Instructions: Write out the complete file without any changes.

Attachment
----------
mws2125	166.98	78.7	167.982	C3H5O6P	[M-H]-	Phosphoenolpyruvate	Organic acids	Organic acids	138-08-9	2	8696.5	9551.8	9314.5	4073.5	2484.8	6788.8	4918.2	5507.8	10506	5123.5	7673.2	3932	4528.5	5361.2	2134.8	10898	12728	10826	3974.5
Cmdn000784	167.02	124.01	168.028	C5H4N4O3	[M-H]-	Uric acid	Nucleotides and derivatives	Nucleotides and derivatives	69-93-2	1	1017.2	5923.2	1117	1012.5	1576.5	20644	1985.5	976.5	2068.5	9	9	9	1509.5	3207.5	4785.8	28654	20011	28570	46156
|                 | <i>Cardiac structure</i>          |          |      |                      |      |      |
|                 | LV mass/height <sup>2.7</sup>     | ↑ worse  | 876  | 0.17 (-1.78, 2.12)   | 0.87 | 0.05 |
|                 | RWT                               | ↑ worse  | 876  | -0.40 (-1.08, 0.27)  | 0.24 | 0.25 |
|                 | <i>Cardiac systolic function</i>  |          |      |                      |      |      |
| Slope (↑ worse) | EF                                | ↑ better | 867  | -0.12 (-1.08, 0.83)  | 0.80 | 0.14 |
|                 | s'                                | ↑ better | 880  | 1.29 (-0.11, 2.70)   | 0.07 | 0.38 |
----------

mws2125	166.98	78.7	167.982	C3H5O6P	[M-H]-	Phosphoenolpyruvate	Organic acids	Organic acids	138-08-9	2	8696.5	9551.8	9314.5	4073.5	2484.8	6788.8	4918.2	5507.8	10506	5123.5	7673.2	3932	4528.5	5361.2	2134.8	10898	12728	10826	3974.5
Cmdn000784	167.02	124.01	168.028	C5H4N4O3	[M-H]-	Uric acid	Nucleotides and derivatives	Nucleotides and derivatives	69-93-2	1	1017.2	5923.2	1117	1012.5	1576.5	20644	1985.5	976.5	2068.5	9	9	9	1509.5	3207.5	4785.8	28654	20011	28570	46156
|                 | <i>Cardiac structure</i>          |          |      |                      |      |      |
|                 | LV mass/height <sup>2.7</sup>     | ↑ worse  | 876  | 0.17 (-1.78, 2.12)   | 0.87 | 0.05 |
|                 | RWT                               | ↑ worse  | 876  | -0.40 (-1.08, 0.27)  | 0.24 | 0.25 |
|                 | <i>Cardiac systolic function</i>  |          |      |                      |      |      |
| Slope (↑ worse) | EF                                | ↑ better | 867  | -0.12 (-1.08, 0.83)  | 0.80 | 0.14 |
|                 | s'                                | ↑ better | 880  | 1.29 (-0.11, 2.70)   | 0.07 | 0.38 |